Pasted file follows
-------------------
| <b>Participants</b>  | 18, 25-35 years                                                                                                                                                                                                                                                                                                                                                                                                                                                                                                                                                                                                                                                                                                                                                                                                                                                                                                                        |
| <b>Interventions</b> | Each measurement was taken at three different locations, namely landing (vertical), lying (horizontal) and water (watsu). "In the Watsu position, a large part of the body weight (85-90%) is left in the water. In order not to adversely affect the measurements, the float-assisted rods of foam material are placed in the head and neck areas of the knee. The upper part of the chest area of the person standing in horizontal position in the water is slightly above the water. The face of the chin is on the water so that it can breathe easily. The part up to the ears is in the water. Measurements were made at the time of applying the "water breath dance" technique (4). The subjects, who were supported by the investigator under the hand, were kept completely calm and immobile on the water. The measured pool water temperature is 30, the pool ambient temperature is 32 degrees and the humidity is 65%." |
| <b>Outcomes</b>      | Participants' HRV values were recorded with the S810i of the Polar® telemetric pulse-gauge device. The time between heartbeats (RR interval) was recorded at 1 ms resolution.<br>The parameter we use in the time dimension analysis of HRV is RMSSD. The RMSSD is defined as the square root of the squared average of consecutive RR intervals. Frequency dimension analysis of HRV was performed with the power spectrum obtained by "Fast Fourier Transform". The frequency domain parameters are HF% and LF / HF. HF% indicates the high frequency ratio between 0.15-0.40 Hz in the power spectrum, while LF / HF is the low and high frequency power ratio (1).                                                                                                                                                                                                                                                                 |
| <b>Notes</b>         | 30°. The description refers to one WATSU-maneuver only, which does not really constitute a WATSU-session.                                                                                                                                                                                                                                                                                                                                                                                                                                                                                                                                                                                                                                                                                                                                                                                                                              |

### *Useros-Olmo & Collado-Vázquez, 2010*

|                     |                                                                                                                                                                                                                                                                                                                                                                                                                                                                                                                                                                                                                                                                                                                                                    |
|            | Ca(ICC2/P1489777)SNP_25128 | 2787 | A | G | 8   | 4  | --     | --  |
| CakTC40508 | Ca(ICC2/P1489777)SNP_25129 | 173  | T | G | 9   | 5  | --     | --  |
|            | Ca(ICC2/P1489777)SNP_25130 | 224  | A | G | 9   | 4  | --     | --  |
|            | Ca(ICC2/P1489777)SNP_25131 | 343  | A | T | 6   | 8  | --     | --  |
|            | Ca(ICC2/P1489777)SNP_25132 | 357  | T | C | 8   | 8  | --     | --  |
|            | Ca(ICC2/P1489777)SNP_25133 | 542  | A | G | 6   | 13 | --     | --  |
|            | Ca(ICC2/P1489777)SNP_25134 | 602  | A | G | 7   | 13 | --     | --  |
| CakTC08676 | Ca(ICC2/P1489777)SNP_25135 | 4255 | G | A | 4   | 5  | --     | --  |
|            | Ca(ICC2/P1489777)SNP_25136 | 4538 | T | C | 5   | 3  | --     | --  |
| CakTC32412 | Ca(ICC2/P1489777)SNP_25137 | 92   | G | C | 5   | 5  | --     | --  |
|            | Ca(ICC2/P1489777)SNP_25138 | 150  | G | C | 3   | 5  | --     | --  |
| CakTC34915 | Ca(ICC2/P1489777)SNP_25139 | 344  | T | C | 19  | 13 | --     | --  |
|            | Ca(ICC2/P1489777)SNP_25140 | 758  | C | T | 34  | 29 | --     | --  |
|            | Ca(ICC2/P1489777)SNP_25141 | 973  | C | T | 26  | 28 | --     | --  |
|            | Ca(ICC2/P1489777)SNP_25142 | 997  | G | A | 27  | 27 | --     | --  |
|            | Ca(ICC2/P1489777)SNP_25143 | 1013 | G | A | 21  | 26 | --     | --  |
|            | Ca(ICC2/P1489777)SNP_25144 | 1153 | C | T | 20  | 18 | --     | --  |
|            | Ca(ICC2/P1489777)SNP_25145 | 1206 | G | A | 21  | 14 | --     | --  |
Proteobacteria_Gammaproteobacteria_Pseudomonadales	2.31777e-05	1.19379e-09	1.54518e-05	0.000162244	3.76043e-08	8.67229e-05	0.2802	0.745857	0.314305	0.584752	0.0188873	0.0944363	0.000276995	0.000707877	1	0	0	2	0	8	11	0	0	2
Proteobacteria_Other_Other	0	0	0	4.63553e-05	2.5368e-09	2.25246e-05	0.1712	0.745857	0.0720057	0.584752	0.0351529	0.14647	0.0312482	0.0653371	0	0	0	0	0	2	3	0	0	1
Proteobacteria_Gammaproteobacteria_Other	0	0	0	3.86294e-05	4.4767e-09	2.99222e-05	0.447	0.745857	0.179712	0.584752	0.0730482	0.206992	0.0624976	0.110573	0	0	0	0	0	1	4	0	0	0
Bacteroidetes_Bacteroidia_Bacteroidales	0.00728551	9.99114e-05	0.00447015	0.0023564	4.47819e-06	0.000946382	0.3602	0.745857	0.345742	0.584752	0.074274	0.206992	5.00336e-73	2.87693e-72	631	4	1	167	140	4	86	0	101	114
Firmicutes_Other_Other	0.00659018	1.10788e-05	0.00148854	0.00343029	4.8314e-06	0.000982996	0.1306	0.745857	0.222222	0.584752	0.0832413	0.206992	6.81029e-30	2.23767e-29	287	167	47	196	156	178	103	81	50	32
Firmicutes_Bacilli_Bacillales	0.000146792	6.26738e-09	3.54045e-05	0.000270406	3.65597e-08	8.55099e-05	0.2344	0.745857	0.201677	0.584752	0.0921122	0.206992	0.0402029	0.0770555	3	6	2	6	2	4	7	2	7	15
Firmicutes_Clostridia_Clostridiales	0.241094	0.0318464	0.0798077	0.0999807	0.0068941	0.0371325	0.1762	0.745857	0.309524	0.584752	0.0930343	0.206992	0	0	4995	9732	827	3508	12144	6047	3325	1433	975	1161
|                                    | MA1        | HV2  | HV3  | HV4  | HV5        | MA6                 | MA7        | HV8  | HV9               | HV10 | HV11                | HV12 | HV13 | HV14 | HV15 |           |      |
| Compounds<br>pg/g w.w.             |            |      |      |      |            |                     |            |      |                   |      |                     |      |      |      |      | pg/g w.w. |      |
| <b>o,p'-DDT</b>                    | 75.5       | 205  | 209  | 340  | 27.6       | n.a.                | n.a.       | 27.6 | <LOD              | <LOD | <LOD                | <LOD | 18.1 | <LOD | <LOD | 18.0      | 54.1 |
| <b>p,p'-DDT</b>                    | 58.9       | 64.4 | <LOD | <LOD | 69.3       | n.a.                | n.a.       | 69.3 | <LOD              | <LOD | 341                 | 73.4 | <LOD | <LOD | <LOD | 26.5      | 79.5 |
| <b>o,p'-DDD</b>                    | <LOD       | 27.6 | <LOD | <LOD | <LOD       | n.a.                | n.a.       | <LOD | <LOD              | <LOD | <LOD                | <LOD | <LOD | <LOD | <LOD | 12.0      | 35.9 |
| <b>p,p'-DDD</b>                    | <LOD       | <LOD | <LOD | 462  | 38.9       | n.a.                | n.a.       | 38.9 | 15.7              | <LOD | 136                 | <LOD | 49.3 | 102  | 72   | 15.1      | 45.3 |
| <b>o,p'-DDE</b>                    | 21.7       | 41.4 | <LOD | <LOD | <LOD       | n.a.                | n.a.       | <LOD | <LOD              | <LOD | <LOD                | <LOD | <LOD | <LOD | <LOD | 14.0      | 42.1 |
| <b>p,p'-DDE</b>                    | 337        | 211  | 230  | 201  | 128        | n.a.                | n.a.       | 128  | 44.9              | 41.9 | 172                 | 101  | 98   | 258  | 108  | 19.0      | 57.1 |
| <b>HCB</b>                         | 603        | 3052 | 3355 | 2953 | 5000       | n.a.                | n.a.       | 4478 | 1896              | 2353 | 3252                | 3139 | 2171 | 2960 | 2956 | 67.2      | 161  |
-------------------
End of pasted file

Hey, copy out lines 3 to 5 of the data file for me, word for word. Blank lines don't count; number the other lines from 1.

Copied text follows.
| <b>Outcomes</b>      | Participants' HRV values were recorded with the S810i of the Polar® telemetric pulse-gauge device. The time between heartbeats (RR interval) was recorded at 1 ms resolution.<br>The parameter we use in the time dimension analysis of HRV is RMSSD. The RMSSD is defined as the square root of the squared average of consecutive RR intervals. Frequency dimension analysis of HRV was performed with the power spectrum obtained by "Fast Fourier Transform". The frequency domain parameters are HF% and LF / HF. HF% indicates the high frequency ratio between 0.15-0.40 Hz in the power spectrum, while LF / HF is the low and high frequency power ratio (1).                                                                                                                                                                                                                                                                 |
| <b>Notes</b>         | 30°. The description refers to one WATSU-maneuver only, which does not really constitute a WATSU-session.                                                                                                                                                                                                                                                                                                                                                                                                                                                                                                                                                                                                                                                                                                                                                                                                                              |

### *Useros-Olmo & Collado-Vázquez, 2010*